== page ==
Horticulture is defined as the art and science of growing plants. Avid gardeners may yearn to grow the tastiest tomato, the largest pumpkin or an unblemished rose. Growing plants well requires meeting their cultural needs, and the scientific language of horticulture can be confusing. Many terms are technical or hard to pronounce (e.g., phloem) and probably appreciated only by a horticulturist, a botanist or a master gardener.
Gardeners may lament the fact that they can't plant their favorite impatiens, but only horticulturists use this kind of "garden-speak" to explain why: Impatiens walleriana are being decimated by Plasmopara obduscens (downy mildew).
There are four common terms that gardeners hear and use on a routine basis when discussing fertilizers or pesticides -- synthetic, natural, organic and chemical. These terms are extensively used in gardening literature and popular media. As a Master Gardener and chemist, I will define these terms and their implications for gardeners:
Synthetic implies that a substance used in a garden is "man-made" and not found naturally. For clarity, the term "synthetic" is better replaced with the term "inorganic" -- that is, an inorganic fertilizer does not contain the element carbon.
Bottom line: A synthetic fertilizer may contain ingredients such as ammonium nitrate (NH4NO3), potassium chloride (KCl), sodium phosphate (Na3PO4), calcium sulfate (CaSO4), as part of its composition. However, because none of these ingredients contains the element carbon, this type of fertilizer is considered to be an inorganic fertilizer.
Natural: When we hear the term "natural," it implies that we are dealing with something that occurs in nature. A common misconception is if it's nature-made it can't be harmful to us or the environment. Well, this not totally true. As an example, consider the castor bean (Ricinus communis) plant, which can be grown as an annual in our area. One of the products obtained from this plant is castor oil, which is used commercially and for human consumption. However, another component of this plant is ricin, one of the most deadly naturally occurring poisons known. A 500-microgram dose (about the size of the head of a pin) can kill an adult by injection.
Bottom line: Even though nature provides many wonderful things for the gardener, she does have a Jekyll and Hyde personality. Mess with her "Hyde" side, and you could be in big trouble!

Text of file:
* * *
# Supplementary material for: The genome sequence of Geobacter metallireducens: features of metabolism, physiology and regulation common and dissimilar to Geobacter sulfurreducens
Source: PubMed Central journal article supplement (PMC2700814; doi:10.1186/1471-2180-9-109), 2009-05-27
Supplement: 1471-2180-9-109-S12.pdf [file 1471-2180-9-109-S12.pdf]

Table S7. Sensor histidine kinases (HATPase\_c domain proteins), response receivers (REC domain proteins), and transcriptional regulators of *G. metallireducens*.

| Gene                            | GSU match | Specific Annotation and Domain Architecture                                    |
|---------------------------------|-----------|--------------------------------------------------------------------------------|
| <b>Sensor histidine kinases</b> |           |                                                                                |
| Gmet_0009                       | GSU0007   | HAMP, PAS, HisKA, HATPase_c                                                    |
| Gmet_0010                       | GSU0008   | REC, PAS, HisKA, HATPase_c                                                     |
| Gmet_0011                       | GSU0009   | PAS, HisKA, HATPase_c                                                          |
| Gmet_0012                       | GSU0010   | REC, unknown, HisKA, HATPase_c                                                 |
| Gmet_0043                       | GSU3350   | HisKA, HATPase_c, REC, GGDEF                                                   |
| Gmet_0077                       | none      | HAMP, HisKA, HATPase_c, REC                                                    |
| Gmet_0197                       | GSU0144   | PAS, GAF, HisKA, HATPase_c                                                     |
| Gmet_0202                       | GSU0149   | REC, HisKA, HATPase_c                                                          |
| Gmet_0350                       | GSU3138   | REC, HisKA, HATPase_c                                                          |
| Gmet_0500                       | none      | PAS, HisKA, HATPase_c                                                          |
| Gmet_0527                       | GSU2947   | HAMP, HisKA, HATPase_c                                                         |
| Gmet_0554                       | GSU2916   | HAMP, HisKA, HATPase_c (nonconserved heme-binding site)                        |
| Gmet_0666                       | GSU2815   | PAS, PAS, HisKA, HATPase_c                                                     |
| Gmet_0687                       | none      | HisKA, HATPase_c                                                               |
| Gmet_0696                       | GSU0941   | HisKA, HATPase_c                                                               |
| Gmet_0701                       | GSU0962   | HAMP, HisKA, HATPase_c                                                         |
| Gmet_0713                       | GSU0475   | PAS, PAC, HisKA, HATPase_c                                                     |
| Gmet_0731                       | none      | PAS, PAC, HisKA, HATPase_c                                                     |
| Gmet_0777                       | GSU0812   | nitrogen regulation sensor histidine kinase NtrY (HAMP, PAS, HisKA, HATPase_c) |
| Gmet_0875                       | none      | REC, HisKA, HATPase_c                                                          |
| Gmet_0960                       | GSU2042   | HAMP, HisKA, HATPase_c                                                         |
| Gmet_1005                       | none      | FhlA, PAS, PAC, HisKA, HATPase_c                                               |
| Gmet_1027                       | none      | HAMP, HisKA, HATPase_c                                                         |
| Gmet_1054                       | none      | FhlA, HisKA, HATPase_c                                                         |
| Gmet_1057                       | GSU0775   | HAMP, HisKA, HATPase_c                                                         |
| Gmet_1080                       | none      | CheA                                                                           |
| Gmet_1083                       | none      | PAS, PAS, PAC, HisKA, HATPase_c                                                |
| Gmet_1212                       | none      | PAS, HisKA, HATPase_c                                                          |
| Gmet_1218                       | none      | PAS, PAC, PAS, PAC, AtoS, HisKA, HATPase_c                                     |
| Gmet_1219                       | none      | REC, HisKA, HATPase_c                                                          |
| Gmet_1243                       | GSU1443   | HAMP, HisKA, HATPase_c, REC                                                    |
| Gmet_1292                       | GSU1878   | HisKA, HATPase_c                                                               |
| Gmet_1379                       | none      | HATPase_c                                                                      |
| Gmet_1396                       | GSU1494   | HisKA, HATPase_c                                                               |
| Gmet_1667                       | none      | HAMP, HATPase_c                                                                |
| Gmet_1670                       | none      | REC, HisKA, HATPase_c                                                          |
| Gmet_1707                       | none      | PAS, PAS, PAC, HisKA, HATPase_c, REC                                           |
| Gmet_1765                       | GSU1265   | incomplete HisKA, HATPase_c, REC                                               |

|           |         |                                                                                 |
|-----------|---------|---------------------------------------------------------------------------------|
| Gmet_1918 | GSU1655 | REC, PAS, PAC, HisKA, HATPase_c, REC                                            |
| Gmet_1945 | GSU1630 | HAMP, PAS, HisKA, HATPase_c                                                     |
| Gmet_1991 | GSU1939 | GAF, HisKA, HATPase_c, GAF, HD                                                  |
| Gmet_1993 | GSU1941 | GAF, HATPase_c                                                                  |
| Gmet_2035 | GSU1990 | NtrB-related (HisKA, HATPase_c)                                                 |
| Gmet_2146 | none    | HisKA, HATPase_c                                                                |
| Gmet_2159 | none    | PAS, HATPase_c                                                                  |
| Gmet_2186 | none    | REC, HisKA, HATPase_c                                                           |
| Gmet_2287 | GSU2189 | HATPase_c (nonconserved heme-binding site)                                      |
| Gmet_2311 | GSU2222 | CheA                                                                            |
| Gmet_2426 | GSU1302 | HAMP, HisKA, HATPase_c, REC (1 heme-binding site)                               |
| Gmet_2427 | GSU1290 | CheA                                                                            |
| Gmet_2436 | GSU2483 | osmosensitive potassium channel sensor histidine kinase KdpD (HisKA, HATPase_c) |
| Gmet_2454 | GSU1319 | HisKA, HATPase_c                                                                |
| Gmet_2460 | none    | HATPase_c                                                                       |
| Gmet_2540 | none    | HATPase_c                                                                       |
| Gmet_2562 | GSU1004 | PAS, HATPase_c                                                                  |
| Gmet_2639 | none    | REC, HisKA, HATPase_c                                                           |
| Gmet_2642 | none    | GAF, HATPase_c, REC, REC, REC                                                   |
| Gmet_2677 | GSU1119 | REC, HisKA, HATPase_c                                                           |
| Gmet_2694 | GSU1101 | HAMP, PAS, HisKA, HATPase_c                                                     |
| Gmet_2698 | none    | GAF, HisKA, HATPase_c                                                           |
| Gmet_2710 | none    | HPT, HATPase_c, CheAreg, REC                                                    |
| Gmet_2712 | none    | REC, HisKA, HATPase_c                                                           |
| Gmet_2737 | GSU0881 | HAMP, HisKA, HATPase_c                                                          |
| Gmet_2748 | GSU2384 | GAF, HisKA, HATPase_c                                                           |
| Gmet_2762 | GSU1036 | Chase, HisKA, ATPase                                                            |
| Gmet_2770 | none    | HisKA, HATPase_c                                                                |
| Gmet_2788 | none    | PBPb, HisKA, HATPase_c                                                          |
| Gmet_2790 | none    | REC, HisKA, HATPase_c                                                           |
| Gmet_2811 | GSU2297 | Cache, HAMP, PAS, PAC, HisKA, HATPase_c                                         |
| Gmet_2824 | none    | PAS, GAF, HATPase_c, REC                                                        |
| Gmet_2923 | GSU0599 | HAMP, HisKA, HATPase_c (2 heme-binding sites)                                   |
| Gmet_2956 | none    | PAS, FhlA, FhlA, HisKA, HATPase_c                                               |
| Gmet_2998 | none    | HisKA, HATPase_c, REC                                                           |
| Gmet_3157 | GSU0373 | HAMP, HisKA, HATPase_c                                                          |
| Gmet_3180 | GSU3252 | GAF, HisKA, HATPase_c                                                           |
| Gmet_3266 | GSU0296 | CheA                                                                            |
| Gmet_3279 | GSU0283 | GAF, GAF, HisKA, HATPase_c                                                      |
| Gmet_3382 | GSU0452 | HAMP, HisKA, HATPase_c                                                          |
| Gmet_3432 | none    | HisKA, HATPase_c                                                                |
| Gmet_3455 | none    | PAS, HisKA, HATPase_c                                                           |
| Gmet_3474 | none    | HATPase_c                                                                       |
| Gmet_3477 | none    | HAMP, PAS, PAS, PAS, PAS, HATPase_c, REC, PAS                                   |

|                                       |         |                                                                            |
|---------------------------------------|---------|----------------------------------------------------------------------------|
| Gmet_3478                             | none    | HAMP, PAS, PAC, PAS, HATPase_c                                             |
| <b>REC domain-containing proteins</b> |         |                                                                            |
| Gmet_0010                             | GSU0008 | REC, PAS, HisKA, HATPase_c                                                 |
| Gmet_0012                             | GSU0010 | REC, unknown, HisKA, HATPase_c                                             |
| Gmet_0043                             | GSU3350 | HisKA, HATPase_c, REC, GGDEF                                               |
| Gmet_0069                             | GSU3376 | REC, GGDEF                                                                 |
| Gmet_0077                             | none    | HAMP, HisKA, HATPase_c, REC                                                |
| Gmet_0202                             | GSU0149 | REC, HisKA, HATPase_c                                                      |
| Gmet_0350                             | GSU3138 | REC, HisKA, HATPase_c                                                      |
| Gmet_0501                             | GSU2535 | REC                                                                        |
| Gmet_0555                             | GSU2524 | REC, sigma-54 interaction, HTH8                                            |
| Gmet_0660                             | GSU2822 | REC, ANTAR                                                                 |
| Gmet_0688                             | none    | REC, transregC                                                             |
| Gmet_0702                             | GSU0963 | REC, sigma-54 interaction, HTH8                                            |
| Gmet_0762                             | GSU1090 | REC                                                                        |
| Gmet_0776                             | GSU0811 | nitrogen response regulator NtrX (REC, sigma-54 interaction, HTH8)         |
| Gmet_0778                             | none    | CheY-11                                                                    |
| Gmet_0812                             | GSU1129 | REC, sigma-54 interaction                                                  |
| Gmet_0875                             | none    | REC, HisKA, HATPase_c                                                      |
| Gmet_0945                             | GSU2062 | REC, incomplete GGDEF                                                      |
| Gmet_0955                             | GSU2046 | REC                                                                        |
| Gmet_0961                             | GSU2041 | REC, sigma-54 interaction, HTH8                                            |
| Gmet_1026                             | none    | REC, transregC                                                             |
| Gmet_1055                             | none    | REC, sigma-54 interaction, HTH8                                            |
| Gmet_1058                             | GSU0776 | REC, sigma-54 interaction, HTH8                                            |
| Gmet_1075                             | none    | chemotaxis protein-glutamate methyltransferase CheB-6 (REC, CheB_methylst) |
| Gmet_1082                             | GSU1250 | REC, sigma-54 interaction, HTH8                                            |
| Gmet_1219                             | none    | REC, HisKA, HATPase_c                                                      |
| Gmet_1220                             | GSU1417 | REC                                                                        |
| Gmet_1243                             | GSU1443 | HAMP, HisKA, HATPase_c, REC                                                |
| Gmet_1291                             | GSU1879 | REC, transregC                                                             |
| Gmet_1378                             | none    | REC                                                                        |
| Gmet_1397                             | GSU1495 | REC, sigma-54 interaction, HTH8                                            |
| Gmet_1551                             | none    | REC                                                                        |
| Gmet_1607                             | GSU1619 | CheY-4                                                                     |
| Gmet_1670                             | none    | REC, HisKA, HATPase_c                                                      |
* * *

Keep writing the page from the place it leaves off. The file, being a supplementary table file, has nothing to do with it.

Organic: Many gardeners proudly describe their practice as organic, implying superiority to gardeners who embrace chemicals. Many of the products that gardeners use -- fertilizers, herbicides, insecticides, fungicides -- have an organic composition. But what does that mean? By definition any product that is truly organic (from a chemistry standpoint) must contain the element carbon. These products may also contain hydrogen, nitrogen, oxygen, potassium, sulfur, calcium, etc., but carbon is the key element that makes the product organic.
Bottom line: Many years ago, a "wonderful" pesticide was used with great effect to combat malaria, typhus and other insect-borne human diseases and for insect control in institutions, homes and gardens. The interesting thing about this pesticide is that it is considered organic because it contains carbon. Most gardeners know this pesticide by its initials -- DDT. This reality may be a revelation to some organic garden zealots.
Chemical: The term "chemical" is probably the most misunderstood and misused of the four terms. It brings fear and panic to the hearts and minds of many gardeners. To ease gardeners' angst, it must be noted that every garden on this planet is filled with chemicals. Some are added by the gardener, but most are added by nature. Yes, nature is the main culprit in our gardens when it comes to chemicals. Trees, shrubs, perennials, weeds, lawns, leaves, mulches, soils, etc. are comprised of thousands of chemicals. Without nature's chemicals, our gardens wouldn't exist, our planet wouldn't exist, our universe wouldn't exist, and, this is really the bad part: We wouldn't exist! The next time you hear the term chemical, don't run and hide,but calmly ask for specifics. Research the product to determine if it is beneficial to our health and the health of the garden.
Bottom line: Water (H2O) and oxygen (O2) are crucial to life on Earth. They are also chemicals.
The gardener does not need to be a chemist. But as an informed gardener, don't toss the generic terms synthetic, natural, organic and chemical around. Better to speak in specifics about products or techniques that you are employing in your garden. And the next time a fellow gardener declares that they refuse to use chemicals in their garden, suppress the urge to laugh.
Steve Piskor is a Penn State master gardener and Pennsylvania certified horticulturist. Columns by master gardeners sometimes appear in place of the Garden Q&A by Sandy Feather, a Penn State Extension educator.